SEPTEMBER 14, 1993 – Musician/singer/songwriter/producer THOMAS KAYE (b. 1940 or 1942 in North Dakota as Thomas Jefferson Kontos) of Jay & the Americans died in Warwick, New York after taking an overdose of painkillers. Kaye had worked with a wide variety of musicians including Jay & The Americans, The Shirelles, Loudon Wainwright III, and Gene Clark as well as releasing solo albums.By 1956, when known as Tommy Kontos, he started a vocal group, The Blaretones, in New York, before forming a new group, the Rock-Abouts, the following year. They changed their name to The Ideals in 1958, and recorded two singles for Decca Records.
The group regularly backed singer Joey Dee, before he formed the Starliters.Kontos then joined Scepter Records as an A&R man, reputedly at the age of 18, and changed his name to Kaye at the suggestion of company owner Florence Greenberg. During the 1960s, he wrote and produced material at Scepter and its subsidiary Wand Records for The Shirelles (for whom he co-wrote their 1966 single “Shades of Blue”), Judy Clay, Maxine Brown, Chuck Jackson, The Kingsmen, and others. He reportedly also worked with ? and the Mysterians during this period, though suggestions that he produced their hit “96 Tears” have been discounted by music historian Dave Marsh. Kaye co-wrote the song “One Man Band”, which was recorded by Three Dog Night on their 1970 album “Naturally” and became a hit single. He also co-produced the album “Capture the Moment” by Jay and the Americans, with session musicians including Donald Fagen and Walter Becker, later of Steely Dan. In the late 1960s and early 1970s Kaye performed regularly in Greenwich Village with the group White Cloud, who also appeared on many of his record productions. The band included fiddler Kenny Kosek, and released a self-titled album on the small Good Medicine label in 1972.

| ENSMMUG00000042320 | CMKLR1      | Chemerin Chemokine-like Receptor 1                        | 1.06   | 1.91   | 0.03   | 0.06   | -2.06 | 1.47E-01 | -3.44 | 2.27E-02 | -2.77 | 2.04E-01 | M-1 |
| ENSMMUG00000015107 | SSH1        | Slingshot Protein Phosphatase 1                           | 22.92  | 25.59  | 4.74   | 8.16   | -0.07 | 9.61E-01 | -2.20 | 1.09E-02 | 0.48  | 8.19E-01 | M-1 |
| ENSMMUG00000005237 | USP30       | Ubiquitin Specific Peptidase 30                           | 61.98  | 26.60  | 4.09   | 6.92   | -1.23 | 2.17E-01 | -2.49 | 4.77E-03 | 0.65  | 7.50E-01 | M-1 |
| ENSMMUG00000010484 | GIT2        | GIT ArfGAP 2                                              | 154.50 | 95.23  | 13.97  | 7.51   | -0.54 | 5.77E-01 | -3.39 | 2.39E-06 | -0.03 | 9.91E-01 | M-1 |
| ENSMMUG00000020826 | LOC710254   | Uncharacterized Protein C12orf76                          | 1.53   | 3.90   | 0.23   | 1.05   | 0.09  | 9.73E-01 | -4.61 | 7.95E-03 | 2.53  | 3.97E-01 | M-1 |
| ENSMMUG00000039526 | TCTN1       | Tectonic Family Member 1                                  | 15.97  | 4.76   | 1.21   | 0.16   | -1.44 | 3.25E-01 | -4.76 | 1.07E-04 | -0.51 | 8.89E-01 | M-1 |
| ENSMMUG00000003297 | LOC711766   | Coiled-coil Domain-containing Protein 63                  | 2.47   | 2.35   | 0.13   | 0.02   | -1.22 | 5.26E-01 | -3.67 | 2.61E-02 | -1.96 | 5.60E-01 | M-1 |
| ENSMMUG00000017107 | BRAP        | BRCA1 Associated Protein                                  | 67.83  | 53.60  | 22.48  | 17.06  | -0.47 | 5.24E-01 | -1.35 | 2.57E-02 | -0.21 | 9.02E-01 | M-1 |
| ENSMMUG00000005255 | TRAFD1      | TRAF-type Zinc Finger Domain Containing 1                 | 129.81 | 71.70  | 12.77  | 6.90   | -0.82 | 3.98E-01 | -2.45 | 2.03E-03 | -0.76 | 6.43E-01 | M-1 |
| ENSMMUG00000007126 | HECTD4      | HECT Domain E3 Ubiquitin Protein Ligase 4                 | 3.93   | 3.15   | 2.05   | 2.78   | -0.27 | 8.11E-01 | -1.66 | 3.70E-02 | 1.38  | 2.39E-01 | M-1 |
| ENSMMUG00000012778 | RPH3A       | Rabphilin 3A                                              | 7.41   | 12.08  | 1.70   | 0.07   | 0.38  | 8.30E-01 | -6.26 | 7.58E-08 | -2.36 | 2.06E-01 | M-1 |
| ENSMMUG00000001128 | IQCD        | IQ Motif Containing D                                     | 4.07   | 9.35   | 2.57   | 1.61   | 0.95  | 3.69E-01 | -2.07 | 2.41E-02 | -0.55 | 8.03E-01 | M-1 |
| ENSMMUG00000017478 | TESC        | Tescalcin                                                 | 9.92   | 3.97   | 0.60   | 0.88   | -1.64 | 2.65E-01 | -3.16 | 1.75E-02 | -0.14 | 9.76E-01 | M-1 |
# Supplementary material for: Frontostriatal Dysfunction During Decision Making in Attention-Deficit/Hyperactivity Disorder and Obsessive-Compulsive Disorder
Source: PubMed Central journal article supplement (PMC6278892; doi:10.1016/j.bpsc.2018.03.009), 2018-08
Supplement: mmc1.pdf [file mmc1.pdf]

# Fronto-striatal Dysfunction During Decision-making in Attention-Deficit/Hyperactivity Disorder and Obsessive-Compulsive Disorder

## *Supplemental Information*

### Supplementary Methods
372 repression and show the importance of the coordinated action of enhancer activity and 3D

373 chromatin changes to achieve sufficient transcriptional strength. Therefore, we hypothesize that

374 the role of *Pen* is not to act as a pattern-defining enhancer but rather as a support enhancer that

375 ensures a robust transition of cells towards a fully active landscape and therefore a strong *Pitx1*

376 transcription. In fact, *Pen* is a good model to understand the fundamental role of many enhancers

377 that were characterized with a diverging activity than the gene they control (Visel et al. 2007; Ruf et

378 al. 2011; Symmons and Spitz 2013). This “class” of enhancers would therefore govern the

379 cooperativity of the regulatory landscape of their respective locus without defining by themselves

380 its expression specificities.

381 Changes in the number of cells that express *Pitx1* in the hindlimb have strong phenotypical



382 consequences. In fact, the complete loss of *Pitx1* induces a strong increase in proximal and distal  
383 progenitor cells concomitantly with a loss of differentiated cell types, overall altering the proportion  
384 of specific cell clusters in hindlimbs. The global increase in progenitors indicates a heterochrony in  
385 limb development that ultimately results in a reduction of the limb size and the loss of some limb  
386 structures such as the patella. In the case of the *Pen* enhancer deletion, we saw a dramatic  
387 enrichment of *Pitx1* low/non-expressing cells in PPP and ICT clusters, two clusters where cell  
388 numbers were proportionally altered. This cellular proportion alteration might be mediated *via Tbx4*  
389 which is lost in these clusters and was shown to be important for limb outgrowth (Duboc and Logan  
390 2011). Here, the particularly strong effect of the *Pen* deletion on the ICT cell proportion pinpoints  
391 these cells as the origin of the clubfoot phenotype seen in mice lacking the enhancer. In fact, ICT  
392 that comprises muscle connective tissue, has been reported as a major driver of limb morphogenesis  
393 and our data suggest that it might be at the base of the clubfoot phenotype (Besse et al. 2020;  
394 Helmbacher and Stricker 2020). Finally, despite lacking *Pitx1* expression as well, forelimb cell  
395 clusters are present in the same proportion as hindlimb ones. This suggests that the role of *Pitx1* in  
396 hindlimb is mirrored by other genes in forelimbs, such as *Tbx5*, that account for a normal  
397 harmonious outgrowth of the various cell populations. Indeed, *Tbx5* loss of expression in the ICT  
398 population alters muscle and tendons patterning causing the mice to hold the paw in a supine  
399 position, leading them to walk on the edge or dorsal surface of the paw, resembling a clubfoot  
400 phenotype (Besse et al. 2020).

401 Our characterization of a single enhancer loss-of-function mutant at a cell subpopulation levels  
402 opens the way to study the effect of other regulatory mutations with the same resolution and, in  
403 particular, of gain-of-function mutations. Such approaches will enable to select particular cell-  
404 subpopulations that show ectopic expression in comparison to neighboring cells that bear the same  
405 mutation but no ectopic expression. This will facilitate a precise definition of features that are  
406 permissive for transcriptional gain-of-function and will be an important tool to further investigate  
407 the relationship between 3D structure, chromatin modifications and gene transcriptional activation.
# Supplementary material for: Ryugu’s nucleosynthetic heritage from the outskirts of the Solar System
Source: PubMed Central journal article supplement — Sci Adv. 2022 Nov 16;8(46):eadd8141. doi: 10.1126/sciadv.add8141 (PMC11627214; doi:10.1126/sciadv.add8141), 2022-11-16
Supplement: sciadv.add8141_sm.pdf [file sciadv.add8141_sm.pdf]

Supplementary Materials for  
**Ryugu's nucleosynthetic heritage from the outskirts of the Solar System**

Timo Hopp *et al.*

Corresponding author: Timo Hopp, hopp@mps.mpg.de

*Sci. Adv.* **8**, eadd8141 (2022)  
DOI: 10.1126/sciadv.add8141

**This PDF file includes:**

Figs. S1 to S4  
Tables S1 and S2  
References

About the same time, Kaye was commissioned by Columbia Records to produce the third album by Loudon Wainwright III. This produced the hit single “Dead Skunk” and raised Kaye’s profile.He moved to San Francisco in the early 1970s, to produce Link Wray’s album “Be What You Want To.” There, he “fell in love with Wally Heider’s studio and with the air-conditioned San Francisco climate and with the hills and with the cable cars…” and settled in California, where he was signed by David Geffen to produce his friend Bob Neuwirth’s self-titled 1974 debut solo album, recorded in Los Angeles with a variety of top musicians including Kris Kristofferson, Rita Coolidge, Bob Dylan, Don Everly and Rick Danko. Kaye said of that time: “The hours are crazy, the alcohol thing is crazy, the pills are crazy, the people are crazy… I was just as high as everybody else and I was up for it!” He also produced the album “Triumvirate” by Mike Bloomfield, John Hammond Jr., and Dr. John, and recorded his own debut solo album “Thomas Jefferson Kaye” issued in 1973 by ABC-Dunhill Records. Featuring both Fagen and Becker, it was produced by Gary Katz who also produced Steely Dan.
Kaye’s second album “First Grade” used the same musicians and producer, and contained two songs written by Becker and Fagen, “Jones” and “American Lovers.”Kaye then began working with Gene Clark, formerly of The Byrds, on his fourth solo album “No Other.” Produced with a vast array of session musicians and backing singers, the album was an extraordinary amalgam of country rock, folk, gospel, soul and choral music with poetic, mystical lyrics. It was praised by critics, but its production costs of $100,000 which yielded only eight tracks prompted Geffen to berate Clark and Kaye.
Kaye also produced Clark’s next album “Two Sides to Every Story,” released on the RSO label in 1977, before joining Clark and others to form the K.C. Southern Band (“K.C.” representing Kaye and Clark). The band toured Europe alongside the separate bands led by Chris Hillman and Roger McGuinn, but split up after returning to the US. Kaye continued to work with Clark on the latter’s studio albums, including 1987’s “Firebyrd.”In later years, Kaye suffered from alcohol and drug dependency, and from illnesses including diabetes. His final album “Not Alone” came out in 1992 and featured a guest line-up that included Eric Clapton, Dr. John, Steve Miller, Rick Danko, Timothy B. Schmit, Joe Walsh and Robby Krieger.